Software Configuration Management
Software Configuration Management (SCM), refers to a set of practices around storing, tracking and releasing versions of a software product. Software products that enable development organisations to perform these practices efficiently are also referred to as Software Configuration Management tools. SCM systems will typically provide users with a variety of features, including but not limited to source code control, issue tracking and change set management.
Software Development Process
The software development process is the set of coordinated activities performed by engineers, managers and technical writers resulting in the creation of a Software product. Various named software development processes are in use today, including Agile, XP, Scrum, Waterfall and Lean.
Source Code Control
Source code control is a common requirement in all modern software development projects that mechanisms for checking source in and out of a central repository. This allows different developers to work on the same project, with reduced fears of losing code of overwritten changes. Source code control also implies a version control system that can manage files through the development lifecycle, keeping track of which changes were made, who made them, when they were made and why. Finally, source code control also frequently involves the ability to group versioned files as a single release, maintain multiple active releases concurrently (branching), and join different releases (merging).
Source Code Management
Source code management refers broadly to the set of operations required to store, retrieve and version the files used to construct software applications. Development teams rely on source code management to organise the source code files for different releases of software so that releases can be uniquely identified for testing, packaging and delivery to customers. Failure to do this properly results in poor quality releases and inefficient use of development resources.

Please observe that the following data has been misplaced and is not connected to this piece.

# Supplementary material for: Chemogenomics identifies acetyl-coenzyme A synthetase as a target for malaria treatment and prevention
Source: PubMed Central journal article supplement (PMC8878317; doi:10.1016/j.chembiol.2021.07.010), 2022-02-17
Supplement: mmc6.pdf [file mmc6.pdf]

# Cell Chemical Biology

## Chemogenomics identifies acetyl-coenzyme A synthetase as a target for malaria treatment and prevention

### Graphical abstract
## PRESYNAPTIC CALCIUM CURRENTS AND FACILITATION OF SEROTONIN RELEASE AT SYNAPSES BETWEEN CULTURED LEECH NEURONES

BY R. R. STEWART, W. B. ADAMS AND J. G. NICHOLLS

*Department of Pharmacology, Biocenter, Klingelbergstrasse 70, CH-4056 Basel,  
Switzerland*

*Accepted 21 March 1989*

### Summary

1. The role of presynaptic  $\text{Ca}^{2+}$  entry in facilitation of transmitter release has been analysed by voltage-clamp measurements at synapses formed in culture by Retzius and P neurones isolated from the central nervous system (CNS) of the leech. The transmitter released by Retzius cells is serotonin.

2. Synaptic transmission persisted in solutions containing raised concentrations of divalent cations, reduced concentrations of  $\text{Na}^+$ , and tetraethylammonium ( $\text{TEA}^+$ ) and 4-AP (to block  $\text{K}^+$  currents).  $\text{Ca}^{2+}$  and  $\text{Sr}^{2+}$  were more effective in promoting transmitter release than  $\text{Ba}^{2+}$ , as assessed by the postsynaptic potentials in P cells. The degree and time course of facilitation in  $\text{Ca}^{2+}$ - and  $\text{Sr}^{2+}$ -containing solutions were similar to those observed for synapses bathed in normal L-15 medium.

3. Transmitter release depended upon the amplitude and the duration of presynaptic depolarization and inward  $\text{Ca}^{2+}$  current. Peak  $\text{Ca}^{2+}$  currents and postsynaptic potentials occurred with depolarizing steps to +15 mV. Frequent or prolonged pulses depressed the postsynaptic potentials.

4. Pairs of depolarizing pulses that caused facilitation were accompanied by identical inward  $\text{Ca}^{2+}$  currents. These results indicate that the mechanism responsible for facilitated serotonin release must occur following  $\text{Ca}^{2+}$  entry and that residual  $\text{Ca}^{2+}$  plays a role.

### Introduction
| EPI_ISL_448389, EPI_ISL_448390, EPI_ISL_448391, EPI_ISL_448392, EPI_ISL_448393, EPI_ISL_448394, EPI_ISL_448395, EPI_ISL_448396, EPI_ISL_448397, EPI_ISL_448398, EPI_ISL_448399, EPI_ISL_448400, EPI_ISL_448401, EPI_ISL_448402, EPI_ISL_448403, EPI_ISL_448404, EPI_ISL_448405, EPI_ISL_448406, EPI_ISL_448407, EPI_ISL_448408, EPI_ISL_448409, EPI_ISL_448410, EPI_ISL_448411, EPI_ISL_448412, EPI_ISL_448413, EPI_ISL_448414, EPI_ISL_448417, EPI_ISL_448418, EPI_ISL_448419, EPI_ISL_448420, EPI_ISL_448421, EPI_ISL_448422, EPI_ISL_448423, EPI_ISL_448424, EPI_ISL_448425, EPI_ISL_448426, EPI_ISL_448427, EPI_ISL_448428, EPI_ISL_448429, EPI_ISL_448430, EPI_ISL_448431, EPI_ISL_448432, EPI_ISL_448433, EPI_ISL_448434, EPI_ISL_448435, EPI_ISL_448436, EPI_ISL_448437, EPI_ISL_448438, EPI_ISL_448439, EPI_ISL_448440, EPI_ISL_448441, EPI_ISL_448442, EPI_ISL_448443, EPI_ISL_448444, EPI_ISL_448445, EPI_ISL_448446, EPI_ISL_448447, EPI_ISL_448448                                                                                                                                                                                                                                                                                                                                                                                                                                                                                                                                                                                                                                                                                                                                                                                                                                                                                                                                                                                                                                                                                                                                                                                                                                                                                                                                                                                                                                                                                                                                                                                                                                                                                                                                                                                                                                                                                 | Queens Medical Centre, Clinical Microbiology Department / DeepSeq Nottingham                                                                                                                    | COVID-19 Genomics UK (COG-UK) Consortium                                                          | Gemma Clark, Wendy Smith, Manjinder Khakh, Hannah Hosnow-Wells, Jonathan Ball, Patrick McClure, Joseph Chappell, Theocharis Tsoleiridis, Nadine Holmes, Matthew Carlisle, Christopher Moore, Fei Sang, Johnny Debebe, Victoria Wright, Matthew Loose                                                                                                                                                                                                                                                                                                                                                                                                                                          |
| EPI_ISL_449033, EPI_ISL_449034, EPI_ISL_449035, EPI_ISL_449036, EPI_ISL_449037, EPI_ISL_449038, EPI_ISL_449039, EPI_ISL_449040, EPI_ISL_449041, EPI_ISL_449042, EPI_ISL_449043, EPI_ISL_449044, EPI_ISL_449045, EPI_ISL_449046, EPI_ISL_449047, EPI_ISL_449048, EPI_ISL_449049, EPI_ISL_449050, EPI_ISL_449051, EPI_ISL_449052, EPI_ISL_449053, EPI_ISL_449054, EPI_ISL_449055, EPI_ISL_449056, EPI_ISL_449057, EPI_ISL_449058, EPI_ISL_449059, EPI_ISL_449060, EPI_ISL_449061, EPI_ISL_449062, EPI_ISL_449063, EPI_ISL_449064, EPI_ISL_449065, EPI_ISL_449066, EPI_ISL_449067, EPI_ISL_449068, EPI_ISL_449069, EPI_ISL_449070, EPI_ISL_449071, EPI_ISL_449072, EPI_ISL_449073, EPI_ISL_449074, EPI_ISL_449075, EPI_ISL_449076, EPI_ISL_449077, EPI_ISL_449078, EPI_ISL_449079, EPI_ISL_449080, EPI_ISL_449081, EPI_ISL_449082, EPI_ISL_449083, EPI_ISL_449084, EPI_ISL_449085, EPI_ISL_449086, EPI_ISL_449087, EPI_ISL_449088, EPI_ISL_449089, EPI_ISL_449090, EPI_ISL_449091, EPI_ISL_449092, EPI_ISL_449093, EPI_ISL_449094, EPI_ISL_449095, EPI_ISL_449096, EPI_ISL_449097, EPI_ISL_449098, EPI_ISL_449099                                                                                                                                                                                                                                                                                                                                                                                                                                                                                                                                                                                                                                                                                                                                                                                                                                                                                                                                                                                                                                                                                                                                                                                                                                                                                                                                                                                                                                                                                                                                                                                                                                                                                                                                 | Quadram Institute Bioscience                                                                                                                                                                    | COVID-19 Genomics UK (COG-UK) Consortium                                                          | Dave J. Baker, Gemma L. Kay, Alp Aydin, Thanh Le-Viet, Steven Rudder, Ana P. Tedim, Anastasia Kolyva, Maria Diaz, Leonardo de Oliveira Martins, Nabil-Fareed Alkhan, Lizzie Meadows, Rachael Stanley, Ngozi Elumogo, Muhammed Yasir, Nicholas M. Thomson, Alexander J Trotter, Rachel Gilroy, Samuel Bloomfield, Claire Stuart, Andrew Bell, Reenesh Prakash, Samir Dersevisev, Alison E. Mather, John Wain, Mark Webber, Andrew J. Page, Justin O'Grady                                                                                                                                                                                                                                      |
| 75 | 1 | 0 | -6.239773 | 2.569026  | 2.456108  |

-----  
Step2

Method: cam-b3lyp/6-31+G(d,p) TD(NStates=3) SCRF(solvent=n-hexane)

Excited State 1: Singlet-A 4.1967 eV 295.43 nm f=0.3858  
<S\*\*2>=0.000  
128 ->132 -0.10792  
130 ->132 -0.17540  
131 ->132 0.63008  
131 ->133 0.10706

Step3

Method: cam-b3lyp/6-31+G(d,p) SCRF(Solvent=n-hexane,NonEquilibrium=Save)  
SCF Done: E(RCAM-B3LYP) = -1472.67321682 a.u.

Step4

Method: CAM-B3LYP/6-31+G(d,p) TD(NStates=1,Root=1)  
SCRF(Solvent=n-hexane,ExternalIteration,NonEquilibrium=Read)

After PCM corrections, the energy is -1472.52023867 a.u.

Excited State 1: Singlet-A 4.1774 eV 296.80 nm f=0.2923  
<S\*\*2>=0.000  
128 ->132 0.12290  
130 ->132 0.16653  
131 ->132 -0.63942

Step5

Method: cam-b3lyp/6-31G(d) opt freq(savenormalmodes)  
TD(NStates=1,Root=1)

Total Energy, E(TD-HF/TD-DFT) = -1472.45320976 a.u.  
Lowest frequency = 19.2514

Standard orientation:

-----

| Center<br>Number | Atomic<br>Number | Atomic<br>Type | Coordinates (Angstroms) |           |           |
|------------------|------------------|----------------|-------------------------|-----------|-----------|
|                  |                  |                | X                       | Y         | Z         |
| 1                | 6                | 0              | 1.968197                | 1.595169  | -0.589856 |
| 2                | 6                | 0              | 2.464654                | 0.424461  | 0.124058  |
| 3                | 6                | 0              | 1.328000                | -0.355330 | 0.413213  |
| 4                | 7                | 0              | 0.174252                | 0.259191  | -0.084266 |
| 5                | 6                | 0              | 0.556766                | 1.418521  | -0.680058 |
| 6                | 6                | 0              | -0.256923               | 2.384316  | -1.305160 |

Time-boxed investigation of feasibility via a bare-bones implementation, which touches on all aspects of the full implementation.
A Sprint is a time-box within which work is completed - that is items from the product backlog are built and meet the definition of done. It may be anything from one week to thirty days.
Plan for the development team to map out the implementation of features for an upcoming Sprint.
A time-boxed meeting at the beginning of each Sprint when the Scrum Team agrees what they will work on during the Sprint and plan how they will do the work. A Sprint Goal is set and no further work is taken into the Sprint following Sprint Planning.
The final formal meeting at the end of every sprint to reflect on how the Scrum Team worked. The focus is on what went well, what didn't and what can be improved during the next sprint. Essential for continuous improvement, Sprint Retrospectives give Teams the necessary time to improve their efficiency, collaboration, productivity and future output.
In the Sprint Review, the Product Owner will demonstrate the work delivered to Stakeholders and Users to solicit feedback. The Scrum Team will then discuss work completed during the Sprint and how any feedback may impact their work moving forward.
The relative scale of effort required by a team to implement a User Story.
A physical or electronic board representing the state of tasks in a current sprint often divided into ‘to do’, ‘in progress’ and ‘done’.
The practice of constraining the amount of time for performing any activity. Examples include iterations, spikes and stand up meetings.
Tests that exercise small amounts of isolated functionality.
A way of conveying work to be done, specifying the problem not the solution and presented as an informal statement of the requirements (usually fitting on a 3x5 index card). Essentially, a User Story is a token for conversation between the User, Product Owner and Development Team.
The velocity of a team is the number of story points associated with stories that are finished over a given period of time, often 1 to 4 weeks. For instance, if the team completed 8 stories that were each 5 points during a four week period, then their velocity is 40 story points every 4 weeks.
Model of a software development process in which progress flows through phases of conception, initiation, analysis, design, construction, testing and maintenance
A team comprised of members with different functional skills and specialities that work together during all phases of development in order to complete a project from start to finish. Also known as a cross-functional team.
Extreme Programming (XP), one implementation of the Agile methodology that focuses on producing the simplest coding situation for application requirements and includes practices such as pair programming, incremental design and continuous integration.
So no matter where you are on your Agile journey - this glossary will be a useful resource. A common understanding of a term is critical to clarity, so discuss your understanding with your team members.
If you’d like to know how to get started, let’s talk - no-strings-attached. Schedule a free consultation to explore what Agile can do for you. If you then decide you’d like to work with us we’re offering you a free post-workshop coaching session with every workshop booked.